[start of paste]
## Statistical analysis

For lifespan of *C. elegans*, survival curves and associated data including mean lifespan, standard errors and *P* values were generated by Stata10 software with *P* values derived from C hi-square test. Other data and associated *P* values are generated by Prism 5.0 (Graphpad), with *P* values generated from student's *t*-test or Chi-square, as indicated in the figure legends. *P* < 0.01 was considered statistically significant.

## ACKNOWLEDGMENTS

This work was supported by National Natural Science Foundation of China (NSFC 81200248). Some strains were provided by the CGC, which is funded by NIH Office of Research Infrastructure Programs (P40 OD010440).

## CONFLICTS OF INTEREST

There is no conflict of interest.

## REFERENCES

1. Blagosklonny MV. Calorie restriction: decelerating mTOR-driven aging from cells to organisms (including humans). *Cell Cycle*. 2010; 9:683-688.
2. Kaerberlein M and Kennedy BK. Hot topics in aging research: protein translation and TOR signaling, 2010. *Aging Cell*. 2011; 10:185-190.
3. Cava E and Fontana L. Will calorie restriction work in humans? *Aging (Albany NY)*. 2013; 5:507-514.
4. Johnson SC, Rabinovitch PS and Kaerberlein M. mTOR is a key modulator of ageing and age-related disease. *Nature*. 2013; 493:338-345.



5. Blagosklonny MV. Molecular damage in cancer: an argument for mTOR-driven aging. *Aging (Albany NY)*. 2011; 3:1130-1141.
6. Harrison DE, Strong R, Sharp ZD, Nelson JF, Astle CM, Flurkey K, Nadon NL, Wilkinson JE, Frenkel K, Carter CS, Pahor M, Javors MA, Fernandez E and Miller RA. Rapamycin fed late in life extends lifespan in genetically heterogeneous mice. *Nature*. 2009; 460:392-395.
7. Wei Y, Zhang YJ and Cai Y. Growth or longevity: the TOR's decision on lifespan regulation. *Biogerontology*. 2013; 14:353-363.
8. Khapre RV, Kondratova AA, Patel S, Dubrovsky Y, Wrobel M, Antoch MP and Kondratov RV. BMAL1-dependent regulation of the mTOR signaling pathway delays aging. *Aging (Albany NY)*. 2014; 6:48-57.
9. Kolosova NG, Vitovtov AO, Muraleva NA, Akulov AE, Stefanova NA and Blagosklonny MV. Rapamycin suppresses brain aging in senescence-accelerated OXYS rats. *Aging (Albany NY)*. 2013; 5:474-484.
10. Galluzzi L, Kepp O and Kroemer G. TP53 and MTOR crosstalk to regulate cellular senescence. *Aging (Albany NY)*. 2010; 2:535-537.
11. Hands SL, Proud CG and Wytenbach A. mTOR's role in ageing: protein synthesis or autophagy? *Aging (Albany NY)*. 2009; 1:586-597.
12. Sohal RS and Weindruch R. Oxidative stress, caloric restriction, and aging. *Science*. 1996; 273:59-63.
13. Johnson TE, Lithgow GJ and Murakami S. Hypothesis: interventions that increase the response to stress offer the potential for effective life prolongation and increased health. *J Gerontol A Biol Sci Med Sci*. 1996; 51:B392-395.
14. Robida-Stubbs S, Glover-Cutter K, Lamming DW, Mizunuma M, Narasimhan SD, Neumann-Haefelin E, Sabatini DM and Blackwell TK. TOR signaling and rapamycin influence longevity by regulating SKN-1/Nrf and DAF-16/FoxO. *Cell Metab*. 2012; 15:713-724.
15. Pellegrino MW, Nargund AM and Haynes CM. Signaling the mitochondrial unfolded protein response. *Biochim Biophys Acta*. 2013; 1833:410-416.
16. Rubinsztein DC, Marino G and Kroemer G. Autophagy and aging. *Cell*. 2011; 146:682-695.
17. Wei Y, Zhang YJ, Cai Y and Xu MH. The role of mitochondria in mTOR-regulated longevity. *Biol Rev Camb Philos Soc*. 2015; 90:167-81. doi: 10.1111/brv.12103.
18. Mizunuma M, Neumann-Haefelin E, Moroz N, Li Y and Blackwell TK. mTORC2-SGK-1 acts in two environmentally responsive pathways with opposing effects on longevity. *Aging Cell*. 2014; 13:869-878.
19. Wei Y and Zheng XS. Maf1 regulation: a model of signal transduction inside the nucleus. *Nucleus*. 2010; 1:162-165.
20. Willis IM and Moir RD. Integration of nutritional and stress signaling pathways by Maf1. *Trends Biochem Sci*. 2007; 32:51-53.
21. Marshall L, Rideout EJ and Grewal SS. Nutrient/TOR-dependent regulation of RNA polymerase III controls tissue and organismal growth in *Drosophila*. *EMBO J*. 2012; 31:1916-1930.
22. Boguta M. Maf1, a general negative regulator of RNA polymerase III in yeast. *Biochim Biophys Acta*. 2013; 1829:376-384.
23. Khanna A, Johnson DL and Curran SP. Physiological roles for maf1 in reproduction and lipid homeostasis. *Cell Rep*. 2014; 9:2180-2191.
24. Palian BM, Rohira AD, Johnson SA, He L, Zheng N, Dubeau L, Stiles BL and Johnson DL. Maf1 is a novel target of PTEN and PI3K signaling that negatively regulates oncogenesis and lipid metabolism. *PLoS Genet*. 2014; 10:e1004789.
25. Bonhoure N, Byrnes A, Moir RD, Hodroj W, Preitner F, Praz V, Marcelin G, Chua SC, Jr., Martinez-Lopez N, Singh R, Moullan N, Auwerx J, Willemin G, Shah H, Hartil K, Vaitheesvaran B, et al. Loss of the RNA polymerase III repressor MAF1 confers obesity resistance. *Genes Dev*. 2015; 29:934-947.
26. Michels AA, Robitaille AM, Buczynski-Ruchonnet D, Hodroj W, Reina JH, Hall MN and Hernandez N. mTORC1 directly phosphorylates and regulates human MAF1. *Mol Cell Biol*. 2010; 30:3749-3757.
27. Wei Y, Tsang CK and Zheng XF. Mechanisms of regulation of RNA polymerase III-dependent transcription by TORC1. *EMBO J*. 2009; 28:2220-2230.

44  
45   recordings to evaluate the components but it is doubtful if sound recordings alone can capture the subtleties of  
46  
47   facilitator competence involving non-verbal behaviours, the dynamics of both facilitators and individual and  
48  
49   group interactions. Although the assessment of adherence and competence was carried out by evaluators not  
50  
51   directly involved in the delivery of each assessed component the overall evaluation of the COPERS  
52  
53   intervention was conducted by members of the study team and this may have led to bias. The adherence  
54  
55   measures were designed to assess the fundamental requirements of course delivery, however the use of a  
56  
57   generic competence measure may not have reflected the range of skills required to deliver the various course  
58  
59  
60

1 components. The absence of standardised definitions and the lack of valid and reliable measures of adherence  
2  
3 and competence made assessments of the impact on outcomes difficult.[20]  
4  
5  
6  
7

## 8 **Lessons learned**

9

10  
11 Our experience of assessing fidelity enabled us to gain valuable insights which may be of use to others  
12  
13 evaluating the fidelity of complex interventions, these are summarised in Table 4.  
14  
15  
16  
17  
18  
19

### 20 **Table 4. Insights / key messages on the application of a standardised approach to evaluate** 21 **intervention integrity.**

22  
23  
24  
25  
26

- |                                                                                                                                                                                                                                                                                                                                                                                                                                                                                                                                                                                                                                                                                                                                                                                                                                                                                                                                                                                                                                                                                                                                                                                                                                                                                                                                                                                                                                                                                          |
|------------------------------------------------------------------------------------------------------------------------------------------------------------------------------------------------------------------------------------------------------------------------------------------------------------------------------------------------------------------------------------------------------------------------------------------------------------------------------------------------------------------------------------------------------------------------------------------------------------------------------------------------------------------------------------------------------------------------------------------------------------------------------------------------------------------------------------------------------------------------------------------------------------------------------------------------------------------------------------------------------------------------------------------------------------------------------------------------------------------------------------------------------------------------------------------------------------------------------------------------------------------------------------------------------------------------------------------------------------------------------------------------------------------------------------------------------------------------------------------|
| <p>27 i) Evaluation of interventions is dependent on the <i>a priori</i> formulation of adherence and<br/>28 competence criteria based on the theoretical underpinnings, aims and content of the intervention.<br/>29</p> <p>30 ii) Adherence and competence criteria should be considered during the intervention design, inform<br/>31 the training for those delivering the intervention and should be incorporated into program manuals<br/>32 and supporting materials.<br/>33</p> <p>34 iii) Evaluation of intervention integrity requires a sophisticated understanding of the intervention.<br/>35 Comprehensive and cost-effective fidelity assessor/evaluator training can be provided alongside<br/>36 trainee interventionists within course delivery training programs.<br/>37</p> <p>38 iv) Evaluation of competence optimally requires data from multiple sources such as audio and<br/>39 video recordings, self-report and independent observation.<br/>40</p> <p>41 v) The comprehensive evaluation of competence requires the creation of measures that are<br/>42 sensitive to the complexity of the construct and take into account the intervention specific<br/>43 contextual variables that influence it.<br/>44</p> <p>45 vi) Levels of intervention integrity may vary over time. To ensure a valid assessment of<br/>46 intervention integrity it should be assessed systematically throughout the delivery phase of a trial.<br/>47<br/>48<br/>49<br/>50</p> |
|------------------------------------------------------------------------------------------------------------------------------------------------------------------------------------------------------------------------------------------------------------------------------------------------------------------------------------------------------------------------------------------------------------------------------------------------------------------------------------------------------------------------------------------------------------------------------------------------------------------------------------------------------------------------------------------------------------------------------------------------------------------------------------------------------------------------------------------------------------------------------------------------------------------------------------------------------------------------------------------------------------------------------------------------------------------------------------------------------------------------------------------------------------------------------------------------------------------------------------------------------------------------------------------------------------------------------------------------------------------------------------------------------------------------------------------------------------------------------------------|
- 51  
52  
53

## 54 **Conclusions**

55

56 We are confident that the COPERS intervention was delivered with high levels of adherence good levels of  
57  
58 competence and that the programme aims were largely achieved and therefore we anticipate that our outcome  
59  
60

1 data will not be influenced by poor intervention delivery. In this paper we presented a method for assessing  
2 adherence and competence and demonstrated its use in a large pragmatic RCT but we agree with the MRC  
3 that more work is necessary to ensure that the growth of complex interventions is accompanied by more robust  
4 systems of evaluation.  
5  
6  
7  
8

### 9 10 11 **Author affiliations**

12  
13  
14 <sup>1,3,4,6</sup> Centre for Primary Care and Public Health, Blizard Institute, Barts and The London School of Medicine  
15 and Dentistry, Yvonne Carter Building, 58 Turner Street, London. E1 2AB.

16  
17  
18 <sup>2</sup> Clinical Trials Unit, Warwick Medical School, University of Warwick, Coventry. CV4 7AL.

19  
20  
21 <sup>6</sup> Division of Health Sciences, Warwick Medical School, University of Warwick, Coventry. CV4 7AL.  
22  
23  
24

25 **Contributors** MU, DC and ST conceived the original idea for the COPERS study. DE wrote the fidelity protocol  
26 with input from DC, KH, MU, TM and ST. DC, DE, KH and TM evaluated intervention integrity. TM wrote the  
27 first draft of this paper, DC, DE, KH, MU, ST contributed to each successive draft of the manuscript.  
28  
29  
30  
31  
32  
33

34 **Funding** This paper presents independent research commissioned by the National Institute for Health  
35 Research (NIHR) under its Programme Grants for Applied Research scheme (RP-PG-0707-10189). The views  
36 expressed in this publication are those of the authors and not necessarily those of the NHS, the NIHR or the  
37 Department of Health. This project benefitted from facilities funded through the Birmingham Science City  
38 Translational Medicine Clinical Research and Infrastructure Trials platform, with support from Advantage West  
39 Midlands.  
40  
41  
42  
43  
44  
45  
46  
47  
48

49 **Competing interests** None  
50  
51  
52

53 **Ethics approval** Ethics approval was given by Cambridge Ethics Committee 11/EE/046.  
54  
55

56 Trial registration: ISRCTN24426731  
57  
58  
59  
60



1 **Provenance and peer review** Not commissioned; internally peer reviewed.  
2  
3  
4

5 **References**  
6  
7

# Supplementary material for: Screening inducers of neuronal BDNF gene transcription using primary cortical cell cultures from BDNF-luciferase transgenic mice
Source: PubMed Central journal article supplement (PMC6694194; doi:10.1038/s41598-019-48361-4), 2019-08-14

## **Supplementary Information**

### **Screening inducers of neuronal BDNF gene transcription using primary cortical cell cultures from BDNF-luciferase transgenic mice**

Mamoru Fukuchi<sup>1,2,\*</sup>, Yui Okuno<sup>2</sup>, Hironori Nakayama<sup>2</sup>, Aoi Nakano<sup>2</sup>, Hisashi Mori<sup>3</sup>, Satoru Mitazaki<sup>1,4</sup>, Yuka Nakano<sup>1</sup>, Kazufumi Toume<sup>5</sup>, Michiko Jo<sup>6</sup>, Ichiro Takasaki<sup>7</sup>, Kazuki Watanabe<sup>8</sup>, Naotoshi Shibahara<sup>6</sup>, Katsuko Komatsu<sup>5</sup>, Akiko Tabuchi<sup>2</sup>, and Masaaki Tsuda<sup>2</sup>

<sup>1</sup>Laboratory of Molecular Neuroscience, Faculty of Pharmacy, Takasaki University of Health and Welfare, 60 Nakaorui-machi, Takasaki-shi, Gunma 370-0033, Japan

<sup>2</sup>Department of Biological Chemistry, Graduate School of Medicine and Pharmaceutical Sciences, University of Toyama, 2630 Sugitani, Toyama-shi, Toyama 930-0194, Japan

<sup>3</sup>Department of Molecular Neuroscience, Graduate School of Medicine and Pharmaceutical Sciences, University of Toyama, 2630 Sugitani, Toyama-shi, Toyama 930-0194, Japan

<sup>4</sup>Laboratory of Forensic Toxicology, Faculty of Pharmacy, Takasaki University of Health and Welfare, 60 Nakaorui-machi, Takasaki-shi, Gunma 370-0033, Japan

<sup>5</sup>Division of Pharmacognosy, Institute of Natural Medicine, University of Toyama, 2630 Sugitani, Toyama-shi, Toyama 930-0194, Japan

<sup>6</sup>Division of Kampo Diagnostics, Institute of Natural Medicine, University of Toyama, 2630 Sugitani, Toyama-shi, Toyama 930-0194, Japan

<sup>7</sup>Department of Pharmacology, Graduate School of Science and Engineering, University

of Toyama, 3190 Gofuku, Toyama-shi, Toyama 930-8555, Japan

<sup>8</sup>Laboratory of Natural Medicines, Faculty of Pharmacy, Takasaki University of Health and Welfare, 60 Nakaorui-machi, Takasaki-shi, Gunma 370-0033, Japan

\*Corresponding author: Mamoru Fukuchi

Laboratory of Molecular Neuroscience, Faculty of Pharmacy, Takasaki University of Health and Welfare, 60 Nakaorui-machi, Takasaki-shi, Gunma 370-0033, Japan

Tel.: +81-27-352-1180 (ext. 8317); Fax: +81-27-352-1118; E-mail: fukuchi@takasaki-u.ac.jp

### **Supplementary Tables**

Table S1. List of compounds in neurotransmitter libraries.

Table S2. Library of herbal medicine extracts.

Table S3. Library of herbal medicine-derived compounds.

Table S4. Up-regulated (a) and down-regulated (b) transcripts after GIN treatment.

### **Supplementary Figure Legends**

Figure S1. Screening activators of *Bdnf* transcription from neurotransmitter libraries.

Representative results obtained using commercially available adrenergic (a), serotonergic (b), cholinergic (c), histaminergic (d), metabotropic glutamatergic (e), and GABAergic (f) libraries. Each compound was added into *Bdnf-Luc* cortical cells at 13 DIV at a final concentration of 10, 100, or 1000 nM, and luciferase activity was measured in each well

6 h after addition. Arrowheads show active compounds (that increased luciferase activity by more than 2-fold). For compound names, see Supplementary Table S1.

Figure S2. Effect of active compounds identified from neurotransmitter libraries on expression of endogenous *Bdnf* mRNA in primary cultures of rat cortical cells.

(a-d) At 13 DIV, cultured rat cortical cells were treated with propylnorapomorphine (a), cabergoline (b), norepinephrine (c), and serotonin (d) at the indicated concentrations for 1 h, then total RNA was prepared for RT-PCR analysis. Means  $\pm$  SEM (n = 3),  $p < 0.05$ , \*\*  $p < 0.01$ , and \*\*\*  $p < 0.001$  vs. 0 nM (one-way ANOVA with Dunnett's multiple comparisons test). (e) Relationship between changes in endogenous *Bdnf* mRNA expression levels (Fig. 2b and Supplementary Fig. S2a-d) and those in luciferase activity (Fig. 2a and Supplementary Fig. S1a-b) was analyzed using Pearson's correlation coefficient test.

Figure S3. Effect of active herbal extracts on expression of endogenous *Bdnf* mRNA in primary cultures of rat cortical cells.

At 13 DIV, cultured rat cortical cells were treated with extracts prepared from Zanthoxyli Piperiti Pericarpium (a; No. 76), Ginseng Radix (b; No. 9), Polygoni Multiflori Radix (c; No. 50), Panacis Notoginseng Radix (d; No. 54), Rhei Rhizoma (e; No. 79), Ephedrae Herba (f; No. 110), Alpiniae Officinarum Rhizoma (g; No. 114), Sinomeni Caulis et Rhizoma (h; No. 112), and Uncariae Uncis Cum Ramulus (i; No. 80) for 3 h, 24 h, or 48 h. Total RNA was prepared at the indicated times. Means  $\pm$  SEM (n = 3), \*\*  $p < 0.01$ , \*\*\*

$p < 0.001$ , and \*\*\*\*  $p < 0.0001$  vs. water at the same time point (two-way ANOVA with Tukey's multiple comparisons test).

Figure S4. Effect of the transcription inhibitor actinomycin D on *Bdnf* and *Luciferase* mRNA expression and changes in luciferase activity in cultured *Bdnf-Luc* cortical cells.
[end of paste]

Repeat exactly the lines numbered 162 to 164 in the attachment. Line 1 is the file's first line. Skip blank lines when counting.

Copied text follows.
<sup>2</sup>Department of Biological Chemistry, Graduate School of Medicine and Pharmaceutical Sciences, University of Toyama, 2630 Sugitani, Toyama-shi, Toyama 930-0194, Japan

<sup>3</sup>Department of Molecular Neuroscience, Graduate School of Medicine and Pharmaceutical Sciences, University of Toyama, 2630 Sugitani, Toyama-shi, Toyama 930-0194, Japan

<sup>4</sup>Laboratory of Forensic Toxicology, Faculty of Pharmacy, Takasaki University of Health and Welfare, 60 Nakaorui-machi, Takasaki-shi, Gunma 370-0033, Japan